One court yields keys to colonial-era worship site, while another issues verdict for prominent pastor facing proselytism charges.
Algerian Christians finally have something to celebrate.
Amid a rash of church closures the past two years, the North African nation’s Council of State returned a historic worship site in Mostaganem, a port city on the Mediterranean coast, to the Algerian Protestant Church (EPA).
The EPA loaned the building, which dates to the French colonial era, to the Ministry of Health in 1976. But in 2012, when the site’s medical clinic changed locations, the local governor gave the facility to an Islamic charitable association.
The EPA sued, and the case was decided in its favor in 2019.
That year, however, marked an escalation against Protestant churches. Three of Algeria’s largest congregations were shut down, and the Mostaganem authorities failed to implement the court decision.
Now they have.
But with 20 other churches ordered to cease activities—and 13 sealed completely—Algerian Christians remain cautious.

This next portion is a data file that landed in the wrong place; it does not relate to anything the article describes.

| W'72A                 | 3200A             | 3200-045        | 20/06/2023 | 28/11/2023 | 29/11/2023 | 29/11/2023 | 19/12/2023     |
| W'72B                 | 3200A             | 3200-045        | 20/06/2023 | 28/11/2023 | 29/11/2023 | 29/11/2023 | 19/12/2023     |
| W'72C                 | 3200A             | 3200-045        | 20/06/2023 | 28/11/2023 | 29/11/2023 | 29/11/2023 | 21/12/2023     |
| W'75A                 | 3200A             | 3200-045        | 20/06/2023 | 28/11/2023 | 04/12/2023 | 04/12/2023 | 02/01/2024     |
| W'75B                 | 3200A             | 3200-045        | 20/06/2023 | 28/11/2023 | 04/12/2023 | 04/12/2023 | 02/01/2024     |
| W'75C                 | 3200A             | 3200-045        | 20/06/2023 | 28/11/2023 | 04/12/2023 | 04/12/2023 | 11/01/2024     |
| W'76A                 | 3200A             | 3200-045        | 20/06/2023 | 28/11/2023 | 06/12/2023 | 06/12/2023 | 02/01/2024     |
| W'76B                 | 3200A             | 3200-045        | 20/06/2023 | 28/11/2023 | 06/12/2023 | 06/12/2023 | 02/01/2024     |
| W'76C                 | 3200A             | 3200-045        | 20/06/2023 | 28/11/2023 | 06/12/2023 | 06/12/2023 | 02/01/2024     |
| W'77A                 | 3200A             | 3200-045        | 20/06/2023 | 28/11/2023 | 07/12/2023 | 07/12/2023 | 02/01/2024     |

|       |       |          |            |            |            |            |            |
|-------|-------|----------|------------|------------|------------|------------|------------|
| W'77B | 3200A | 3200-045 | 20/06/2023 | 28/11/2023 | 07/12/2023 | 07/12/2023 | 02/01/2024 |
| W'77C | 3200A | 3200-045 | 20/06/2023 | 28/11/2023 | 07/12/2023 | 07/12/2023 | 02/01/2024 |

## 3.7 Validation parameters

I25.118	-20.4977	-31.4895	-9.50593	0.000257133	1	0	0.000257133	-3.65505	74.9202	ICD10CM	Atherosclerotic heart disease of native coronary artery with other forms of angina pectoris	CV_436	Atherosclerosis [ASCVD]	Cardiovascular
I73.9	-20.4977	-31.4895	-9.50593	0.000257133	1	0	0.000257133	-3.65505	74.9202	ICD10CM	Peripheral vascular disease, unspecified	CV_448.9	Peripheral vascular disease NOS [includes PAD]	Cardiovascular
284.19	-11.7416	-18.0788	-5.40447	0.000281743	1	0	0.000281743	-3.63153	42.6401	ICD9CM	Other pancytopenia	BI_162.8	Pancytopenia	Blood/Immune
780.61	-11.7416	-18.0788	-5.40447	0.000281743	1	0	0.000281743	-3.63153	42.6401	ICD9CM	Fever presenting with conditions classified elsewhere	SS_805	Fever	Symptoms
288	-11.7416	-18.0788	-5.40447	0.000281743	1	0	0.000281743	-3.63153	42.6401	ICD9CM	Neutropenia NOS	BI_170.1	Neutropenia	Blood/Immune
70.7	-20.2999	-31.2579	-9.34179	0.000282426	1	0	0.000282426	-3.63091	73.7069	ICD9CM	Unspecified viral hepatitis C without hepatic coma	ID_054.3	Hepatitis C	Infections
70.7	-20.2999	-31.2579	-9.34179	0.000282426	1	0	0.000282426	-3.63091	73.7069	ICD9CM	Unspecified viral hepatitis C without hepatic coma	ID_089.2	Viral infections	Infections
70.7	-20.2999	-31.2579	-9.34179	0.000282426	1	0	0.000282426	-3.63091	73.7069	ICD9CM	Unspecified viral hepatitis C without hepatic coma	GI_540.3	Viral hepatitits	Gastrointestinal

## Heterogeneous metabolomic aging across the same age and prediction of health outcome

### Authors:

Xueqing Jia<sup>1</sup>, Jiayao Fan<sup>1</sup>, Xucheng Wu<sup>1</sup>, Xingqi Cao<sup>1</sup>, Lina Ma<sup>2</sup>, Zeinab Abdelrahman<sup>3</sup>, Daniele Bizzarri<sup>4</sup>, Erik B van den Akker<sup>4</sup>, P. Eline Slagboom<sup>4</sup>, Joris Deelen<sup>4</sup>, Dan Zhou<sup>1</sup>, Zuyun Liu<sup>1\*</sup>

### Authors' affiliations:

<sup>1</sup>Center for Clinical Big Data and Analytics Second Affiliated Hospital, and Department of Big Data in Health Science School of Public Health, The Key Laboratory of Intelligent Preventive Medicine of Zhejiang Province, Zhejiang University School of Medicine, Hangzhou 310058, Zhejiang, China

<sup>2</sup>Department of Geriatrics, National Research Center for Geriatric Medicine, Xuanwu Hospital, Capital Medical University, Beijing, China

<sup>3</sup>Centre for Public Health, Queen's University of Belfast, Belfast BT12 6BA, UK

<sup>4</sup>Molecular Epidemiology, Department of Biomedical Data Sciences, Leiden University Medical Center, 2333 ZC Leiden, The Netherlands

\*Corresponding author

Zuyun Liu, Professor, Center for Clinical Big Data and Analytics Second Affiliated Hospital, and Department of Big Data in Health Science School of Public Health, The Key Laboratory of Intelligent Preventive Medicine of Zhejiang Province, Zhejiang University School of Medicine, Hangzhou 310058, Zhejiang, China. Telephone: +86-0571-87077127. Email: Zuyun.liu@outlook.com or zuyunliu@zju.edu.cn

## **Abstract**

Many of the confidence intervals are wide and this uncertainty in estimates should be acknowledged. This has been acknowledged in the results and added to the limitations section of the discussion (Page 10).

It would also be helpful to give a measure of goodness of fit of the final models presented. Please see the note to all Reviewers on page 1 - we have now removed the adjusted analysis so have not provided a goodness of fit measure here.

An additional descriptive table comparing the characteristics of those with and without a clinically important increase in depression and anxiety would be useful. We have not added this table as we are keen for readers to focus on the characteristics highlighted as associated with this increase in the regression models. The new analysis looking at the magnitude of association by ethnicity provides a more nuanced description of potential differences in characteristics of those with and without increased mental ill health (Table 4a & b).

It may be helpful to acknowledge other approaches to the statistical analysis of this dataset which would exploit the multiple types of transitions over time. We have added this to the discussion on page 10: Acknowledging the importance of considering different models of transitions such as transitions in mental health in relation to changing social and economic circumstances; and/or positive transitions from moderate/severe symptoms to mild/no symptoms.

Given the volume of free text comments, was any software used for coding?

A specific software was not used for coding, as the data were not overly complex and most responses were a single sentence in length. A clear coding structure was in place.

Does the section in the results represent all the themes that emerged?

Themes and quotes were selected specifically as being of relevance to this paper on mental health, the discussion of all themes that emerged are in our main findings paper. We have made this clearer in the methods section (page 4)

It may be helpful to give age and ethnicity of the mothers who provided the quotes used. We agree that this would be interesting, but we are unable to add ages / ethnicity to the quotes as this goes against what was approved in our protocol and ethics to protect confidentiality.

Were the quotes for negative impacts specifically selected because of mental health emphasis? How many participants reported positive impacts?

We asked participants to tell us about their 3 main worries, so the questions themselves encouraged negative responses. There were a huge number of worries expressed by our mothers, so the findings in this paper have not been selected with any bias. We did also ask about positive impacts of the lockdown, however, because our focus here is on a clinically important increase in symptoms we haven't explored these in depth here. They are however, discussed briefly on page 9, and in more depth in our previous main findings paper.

“Just because we have the keys,” said Nourredine Benzid, general secretary of the EPA, “doesn’t mean the case is over.”
Benzid’s Source of Life Church in Makouda was among those closed in 2019. Located in the mountainous Tizi Ouzou district, the area is home to many of the nation’s estimated 100,000 Christians.
By contrast, the Mostaganem church was empty when it was loaned to the government. But today a pastor and believing community are in the city, and the EPA intends to reopen the building for worship.
Founded in 1974 and officially recognized in 2011, the EPA serves as an umbrella organization for Algeria’s Protestant community. But while a 2006 ordinance guaranteed non-Muslims the protection of the state, it also stipulated that worship can be conducted …